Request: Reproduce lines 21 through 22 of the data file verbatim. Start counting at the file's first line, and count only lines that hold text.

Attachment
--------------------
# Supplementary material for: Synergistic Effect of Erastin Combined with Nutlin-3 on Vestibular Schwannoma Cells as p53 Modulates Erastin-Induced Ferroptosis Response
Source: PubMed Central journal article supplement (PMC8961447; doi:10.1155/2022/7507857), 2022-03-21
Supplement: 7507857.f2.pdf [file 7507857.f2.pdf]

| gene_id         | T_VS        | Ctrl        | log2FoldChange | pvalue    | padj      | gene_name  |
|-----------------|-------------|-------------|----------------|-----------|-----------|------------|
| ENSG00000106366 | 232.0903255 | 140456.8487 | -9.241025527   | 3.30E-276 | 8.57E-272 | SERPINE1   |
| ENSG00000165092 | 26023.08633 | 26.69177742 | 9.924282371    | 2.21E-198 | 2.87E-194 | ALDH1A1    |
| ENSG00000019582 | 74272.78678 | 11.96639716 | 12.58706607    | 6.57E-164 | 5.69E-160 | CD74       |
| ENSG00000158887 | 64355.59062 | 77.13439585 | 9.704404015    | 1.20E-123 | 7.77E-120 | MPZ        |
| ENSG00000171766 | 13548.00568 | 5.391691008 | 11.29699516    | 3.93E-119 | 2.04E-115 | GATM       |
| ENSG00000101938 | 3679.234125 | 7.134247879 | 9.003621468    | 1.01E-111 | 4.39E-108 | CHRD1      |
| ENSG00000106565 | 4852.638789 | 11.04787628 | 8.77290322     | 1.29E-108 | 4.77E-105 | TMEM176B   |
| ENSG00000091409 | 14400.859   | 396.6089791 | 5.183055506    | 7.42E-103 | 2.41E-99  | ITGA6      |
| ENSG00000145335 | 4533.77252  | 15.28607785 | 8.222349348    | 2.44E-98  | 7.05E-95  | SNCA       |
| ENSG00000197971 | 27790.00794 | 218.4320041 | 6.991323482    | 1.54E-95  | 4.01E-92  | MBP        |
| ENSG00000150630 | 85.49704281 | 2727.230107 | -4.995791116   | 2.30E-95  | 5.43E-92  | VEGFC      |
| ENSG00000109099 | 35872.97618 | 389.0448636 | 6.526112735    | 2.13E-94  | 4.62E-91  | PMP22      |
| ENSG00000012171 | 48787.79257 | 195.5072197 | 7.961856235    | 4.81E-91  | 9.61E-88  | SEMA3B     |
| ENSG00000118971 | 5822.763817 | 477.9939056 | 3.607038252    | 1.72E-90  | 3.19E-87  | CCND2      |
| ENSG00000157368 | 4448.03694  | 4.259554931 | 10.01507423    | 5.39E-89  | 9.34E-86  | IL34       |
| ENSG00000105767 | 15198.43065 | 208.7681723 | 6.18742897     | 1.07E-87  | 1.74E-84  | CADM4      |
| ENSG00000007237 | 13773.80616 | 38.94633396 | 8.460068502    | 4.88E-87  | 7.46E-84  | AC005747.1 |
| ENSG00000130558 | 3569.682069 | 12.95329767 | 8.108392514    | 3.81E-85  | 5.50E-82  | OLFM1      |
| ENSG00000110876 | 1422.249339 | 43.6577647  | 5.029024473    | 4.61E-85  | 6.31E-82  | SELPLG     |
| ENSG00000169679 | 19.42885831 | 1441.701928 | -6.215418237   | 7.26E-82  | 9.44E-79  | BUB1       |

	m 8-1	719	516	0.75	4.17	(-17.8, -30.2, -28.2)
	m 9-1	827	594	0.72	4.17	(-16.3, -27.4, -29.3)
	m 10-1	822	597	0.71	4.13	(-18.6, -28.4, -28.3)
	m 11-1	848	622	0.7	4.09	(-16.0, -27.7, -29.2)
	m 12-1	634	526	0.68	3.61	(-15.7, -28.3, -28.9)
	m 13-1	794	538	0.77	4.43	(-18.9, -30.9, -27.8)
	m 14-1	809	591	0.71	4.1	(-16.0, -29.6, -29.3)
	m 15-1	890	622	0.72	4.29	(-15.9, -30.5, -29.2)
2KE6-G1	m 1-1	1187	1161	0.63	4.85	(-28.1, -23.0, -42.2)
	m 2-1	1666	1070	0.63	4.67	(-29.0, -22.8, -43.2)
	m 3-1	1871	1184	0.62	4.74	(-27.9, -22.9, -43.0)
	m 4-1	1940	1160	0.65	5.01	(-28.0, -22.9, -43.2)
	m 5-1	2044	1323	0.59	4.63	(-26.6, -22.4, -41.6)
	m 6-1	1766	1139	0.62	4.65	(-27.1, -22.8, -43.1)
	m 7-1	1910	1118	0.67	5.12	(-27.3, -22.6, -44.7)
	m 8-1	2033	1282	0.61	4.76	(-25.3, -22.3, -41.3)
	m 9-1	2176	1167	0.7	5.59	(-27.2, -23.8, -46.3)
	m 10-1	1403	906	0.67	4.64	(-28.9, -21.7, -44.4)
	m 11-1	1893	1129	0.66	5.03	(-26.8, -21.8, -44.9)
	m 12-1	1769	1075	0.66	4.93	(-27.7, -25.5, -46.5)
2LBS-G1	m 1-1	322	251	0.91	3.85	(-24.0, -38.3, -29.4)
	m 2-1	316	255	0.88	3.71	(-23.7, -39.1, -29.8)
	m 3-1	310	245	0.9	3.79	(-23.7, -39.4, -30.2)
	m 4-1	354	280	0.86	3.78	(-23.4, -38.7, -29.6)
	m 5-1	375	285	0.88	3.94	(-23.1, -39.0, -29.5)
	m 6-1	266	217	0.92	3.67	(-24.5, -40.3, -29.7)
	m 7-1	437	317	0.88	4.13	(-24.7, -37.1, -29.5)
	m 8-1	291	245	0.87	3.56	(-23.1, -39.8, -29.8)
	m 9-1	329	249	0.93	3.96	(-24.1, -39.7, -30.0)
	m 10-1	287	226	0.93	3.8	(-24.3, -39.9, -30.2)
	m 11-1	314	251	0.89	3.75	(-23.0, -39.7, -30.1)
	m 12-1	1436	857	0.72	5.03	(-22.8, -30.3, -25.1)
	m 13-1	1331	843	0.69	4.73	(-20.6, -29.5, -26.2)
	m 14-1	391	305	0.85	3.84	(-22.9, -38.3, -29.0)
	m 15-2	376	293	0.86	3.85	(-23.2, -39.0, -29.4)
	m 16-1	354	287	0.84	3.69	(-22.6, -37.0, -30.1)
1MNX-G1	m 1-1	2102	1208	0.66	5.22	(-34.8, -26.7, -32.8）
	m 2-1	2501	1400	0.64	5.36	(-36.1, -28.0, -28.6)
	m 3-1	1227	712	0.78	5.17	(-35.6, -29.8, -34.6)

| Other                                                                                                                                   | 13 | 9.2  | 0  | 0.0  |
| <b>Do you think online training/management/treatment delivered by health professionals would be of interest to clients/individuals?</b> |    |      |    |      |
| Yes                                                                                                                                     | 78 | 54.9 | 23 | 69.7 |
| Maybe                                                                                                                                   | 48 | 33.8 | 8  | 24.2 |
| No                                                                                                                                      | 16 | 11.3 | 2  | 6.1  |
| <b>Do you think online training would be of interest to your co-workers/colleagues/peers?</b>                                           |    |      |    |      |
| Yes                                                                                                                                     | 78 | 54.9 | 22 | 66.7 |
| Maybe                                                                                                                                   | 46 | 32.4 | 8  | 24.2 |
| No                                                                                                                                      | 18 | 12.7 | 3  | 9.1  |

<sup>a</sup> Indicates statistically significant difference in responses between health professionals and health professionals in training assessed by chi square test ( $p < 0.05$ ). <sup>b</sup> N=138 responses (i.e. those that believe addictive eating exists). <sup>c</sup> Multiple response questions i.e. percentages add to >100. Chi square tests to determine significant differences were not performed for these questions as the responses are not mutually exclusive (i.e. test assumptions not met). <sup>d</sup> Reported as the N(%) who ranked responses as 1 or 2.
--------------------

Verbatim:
| ENSG00000105767 | 15198.43065 | 208.7681723 | 6.18742897     | 1.07E-87  | 1.74E-84  | CADM4      |
| ENSG00000007237 | 13773.80616 | 38.94633396 | 8.460068502    | 4.88E-87  | 7.46E-84  | AC005747.1 |